Ginger Conlon, Editor-in-Chief, Direct Marketing News
Countless customers have tattooed the Harley-Davidson logo onto their bodies. A couple who met and love skiing at Stowe Mountain Resort named their son Stowe. When I moved to London for a year I packed enough Dawn (dishwashing liquid) and Shout (laundry stain remover) to last the entire time, in case those products weren't sold locally.
This is loyalty at its most fervent—and it all starts with marketing.
Marketing communicates an organization's brand promise. It's from that original promise that all customer expectations are set. Whether a company delivers on its brand promise underlies the perceptions customers develop over time. If customers perceive that a company is true to its word, then and only then will the foundation for loyalty be established. Businesses that don't live up to their promises are unlikely to ever foster loyalty, forever struggling for retention and churning through customers at breakneck speed.
Yes, customers form perceptions that they share with friends or associates who are perspective customers—more so than ever due to the prevalence of social media. And that has caused many pundits to say that customers “own” branding today. But even those opinions germinate from the original brand promise and whether or not that promise was and continues to be met.
And it doesn't stop with the brand promise. That's just the foundation. Marketers need to consider how all of their actions impact loyalty over time. Will their decisions foster loyalty or damage it? From what it says about products and service and price, marketing speaks for the company. Those messages may or may not align with the brand promise and, thus, customers' expectations. As a result, customer loyalty may increase or decrease following an interaction or communication.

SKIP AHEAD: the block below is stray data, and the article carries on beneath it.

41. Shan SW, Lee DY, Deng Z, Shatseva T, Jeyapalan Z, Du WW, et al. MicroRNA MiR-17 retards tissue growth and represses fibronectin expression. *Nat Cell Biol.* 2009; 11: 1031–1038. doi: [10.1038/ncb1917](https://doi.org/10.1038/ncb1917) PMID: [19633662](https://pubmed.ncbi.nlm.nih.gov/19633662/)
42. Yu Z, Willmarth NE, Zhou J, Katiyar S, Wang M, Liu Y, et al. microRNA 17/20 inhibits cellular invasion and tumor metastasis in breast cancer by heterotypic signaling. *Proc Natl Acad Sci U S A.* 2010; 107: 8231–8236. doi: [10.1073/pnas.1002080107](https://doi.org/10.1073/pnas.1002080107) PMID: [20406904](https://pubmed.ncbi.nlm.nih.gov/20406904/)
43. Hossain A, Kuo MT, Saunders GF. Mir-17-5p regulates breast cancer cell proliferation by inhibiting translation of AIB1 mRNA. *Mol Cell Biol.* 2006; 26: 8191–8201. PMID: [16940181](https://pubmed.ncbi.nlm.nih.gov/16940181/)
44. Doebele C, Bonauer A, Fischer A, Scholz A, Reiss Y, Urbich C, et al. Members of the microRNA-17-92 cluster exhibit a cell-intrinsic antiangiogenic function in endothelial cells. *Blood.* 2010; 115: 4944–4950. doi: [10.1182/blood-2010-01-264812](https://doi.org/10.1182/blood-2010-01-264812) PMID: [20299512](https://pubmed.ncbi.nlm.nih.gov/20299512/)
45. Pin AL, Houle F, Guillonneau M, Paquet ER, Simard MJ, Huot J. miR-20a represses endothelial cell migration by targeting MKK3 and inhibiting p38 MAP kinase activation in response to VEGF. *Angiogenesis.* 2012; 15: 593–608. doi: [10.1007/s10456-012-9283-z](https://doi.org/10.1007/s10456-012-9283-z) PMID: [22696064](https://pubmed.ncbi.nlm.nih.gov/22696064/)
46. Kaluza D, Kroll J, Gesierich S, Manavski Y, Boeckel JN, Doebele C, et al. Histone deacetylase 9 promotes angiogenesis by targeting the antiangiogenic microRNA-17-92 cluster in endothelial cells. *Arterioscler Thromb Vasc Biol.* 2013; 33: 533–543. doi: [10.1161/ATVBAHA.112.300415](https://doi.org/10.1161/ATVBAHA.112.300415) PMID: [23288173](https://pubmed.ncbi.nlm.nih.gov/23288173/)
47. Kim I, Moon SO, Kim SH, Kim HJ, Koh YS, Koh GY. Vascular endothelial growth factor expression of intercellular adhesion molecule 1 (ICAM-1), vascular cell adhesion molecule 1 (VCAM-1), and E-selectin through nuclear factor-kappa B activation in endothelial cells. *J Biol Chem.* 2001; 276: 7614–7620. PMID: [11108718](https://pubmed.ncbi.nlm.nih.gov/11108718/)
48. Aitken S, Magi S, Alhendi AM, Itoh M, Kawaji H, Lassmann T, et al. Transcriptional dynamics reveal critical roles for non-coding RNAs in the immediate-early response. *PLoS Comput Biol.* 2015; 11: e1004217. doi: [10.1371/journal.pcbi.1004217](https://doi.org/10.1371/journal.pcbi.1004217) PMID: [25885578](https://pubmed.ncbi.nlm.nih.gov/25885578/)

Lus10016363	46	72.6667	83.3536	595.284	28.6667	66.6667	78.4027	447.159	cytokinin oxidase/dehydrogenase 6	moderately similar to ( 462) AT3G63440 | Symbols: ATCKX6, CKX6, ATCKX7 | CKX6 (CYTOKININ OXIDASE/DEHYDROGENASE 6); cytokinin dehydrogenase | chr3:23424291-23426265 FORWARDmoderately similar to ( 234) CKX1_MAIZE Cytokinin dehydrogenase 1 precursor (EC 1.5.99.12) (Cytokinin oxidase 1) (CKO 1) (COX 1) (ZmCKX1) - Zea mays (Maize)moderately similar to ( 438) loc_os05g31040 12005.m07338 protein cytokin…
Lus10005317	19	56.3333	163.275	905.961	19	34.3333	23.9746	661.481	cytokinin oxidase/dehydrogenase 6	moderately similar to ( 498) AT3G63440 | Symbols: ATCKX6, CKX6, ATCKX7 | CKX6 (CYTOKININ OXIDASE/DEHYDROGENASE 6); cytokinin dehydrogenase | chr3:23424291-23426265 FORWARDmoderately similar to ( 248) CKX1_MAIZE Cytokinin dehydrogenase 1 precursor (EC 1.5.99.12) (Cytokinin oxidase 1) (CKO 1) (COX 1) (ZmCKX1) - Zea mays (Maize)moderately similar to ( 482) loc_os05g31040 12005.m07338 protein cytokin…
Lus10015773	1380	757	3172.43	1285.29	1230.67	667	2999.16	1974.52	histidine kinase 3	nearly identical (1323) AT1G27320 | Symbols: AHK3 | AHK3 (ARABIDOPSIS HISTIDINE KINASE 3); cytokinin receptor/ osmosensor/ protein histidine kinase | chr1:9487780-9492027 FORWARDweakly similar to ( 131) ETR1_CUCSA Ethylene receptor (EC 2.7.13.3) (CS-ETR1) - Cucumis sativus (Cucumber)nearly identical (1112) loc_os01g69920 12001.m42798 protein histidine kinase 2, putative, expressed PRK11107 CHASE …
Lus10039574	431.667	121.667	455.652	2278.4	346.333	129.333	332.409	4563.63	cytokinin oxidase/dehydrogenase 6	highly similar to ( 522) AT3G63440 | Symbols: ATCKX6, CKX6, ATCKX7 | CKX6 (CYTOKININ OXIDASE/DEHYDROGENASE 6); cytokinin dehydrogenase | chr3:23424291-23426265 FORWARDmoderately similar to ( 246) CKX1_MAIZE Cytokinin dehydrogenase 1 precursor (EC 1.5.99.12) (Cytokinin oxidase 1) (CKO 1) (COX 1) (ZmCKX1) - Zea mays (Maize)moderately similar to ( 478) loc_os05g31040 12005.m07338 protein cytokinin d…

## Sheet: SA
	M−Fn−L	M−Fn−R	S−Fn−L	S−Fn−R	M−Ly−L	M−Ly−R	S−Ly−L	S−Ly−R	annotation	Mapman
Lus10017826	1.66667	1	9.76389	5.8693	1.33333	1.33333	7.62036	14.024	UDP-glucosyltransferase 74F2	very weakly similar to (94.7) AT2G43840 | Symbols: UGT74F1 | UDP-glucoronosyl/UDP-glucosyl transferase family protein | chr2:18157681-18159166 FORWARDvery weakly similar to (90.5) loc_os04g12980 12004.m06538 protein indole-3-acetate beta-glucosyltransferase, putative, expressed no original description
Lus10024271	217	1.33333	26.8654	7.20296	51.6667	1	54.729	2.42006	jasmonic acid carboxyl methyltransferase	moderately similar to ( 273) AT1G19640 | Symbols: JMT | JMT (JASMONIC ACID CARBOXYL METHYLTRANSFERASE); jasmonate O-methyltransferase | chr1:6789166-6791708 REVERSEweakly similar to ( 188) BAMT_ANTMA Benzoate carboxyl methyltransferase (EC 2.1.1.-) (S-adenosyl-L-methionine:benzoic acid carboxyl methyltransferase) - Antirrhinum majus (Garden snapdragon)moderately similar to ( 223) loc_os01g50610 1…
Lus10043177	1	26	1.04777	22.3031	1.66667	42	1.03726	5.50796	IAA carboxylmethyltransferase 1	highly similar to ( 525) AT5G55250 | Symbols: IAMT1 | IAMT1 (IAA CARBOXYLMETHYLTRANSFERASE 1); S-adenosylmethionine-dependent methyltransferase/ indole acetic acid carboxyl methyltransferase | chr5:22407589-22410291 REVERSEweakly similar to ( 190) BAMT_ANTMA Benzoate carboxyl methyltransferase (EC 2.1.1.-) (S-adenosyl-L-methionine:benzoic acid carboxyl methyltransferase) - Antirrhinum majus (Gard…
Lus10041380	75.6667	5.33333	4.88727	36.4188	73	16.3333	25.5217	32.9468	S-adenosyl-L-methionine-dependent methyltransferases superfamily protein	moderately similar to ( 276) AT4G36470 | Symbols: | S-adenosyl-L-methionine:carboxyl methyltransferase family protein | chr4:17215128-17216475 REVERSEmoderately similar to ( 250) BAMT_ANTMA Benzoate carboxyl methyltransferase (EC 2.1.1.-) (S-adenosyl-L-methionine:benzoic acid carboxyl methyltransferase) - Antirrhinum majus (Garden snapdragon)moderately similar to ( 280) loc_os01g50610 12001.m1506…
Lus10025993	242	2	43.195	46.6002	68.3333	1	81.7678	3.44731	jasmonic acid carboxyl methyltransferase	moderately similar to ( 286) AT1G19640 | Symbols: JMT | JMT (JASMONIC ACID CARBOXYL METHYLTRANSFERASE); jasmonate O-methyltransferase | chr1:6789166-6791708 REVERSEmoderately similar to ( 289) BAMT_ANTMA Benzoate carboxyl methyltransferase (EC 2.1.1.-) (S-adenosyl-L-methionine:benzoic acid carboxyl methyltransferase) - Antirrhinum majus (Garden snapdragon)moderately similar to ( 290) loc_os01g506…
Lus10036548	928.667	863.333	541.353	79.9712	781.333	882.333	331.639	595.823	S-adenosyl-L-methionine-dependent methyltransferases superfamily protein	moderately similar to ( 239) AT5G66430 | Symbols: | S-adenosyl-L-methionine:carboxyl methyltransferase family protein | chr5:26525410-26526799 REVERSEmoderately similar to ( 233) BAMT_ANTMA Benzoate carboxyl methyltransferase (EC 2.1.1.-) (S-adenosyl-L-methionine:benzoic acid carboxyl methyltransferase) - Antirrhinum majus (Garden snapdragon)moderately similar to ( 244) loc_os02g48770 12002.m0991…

Additionally, the relevancy and timing of communications demonstrate customer understanding—or a lack thereof. Customers will feel more valued when messages engage them based on what a company has learned about them over time. Speak to what matters to a customer and watch loyalty grow. Conversely, sending too many generic messages may lead customers to feel that they're just another open wallet spilling cash into a company's coffers.
It's no easy task to be the voice of an entire organization. Marketers don't always have the authority to compel the changes needed to deliver on their company's original brand promise—and a promise made is not easily changed.
So read our 2013 Essential Guide to Loyalty Marketing and learn how, through rewards programs, customer experience, and voice of the customer initiatives, marketers can positively impact customer loyalty over the long term.